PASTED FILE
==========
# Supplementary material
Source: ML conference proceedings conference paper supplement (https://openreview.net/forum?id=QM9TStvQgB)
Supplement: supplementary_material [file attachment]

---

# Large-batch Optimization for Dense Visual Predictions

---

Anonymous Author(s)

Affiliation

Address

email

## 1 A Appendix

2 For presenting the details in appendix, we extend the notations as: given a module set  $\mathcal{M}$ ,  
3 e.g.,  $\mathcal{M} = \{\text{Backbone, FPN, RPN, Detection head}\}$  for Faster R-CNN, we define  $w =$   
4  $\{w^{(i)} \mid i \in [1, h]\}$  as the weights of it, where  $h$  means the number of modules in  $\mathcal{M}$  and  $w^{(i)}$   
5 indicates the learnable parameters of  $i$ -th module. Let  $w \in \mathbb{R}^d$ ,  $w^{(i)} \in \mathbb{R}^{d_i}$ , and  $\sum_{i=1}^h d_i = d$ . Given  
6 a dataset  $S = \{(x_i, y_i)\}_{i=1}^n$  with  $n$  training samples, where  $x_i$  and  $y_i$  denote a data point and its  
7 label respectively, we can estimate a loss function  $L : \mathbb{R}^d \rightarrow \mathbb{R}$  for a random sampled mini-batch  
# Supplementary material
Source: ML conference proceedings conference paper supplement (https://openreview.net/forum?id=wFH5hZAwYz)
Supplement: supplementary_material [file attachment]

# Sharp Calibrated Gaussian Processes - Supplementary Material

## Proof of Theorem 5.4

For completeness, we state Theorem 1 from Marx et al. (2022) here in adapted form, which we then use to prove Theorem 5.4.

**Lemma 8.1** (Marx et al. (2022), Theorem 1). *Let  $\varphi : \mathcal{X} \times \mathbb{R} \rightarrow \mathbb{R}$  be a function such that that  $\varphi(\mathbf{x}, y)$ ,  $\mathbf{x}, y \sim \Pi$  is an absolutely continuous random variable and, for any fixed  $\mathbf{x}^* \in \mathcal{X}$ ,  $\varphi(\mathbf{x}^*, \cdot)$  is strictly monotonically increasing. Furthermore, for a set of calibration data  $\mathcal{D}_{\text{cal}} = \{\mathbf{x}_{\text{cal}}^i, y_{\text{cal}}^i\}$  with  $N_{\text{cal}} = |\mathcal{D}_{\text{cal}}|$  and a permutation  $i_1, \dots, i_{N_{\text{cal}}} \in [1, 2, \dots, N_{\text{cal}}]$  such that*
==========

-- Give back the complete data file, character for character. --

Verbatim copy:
# Supplementary material
Source: ML conference proceedings conference paper supplement (https://openreview.net/forum?id=QM9TStvQgB)
Supplement: supplementary_material [file attachment]

---

# Large-batch Optimization for Dense Visual Predictions

---

Anonymous Author(s)

Affiliation

Address

email

## 1 A Appendix

2 For presenting the details in appendix, we extend the notations as: given a module set  $\mathcal{M}$ ,  
3 e.g.,  $\mathcal{M} = \{\text{Backbone, FPN, RPN, Detection head}\}$  for Faster R-CNN, we define  $w =$   
4  $\{w^{(i)} \mid i \in [1, h]\}$  as the weights of it, where  $h$  means the number of modules in  $\mathcal{M}$  and  $w^{(i)}$   
5 indicates the learnable parameters of  $i$ -th module. Let  $w \in \mathbb{R}^d$ ,  $w^{(i)} \in \mathbb{R}^{d_i}$ , and  $\sum_{i=1}^h d_i = d$ . Given  
6 a dataset  $S = \{(x_i, y_i)\}_{i=1}^n$  with  $n$  training samples, where  $x_i$  and  $y_i$  denote a data point and its  
7 label respectively, we can estimate a loss function  $L : \mathbb{R}^d \rightarrow \mathbb{R}$  for a random sampled mini-batch  
# Supplementary material
Source: ML conference proceedings conference paper supplement (https://openreview.net/forum?id=wFH5hZAwYz)
Supplement: supplementary_material [file attachment]

# Sharp Calibrated Gaussian Processes - Supplementary Material

## Proof of Theorem 5.4

For completeness, we state Theorem 1 from Marx et al. (2022) here in adapted form, which we then use to prove Theorem 5.4.

**Lemma 8.1** (Marx et al. (2022), Theorem 1). *Let  $\varphi : \mathcal{X} \times \mathbb{R} \rightarrow \mathbb{R}$  be a function such that that  $\varphi(\mathbf{x}, y)$ ,  $\mathbf{x}, y \sim \Pi$  is an absolutely continuous random variable and, for any fixed  $\mathbf{x}^* \in \mathcal{X}$ ,  $\varphi(\mathbf{x}^*, \cdot)$  is strictly monotonically increasing. Furthermore, for a set of calibration data  $\mathcal{D}_{\text{cal}} = \{\mathbf{x}_{\text{cal}}^i, y_{\text{cal}}^i\}$  with  $N_{\text{cal}} = |\mathcal{D}_{\text{cal}}|$  and a permutation  $i_1, \dots, i_{N_{\text{cal}}} \in [1, 2, \dots, N_{\text{cal}}]$  such that*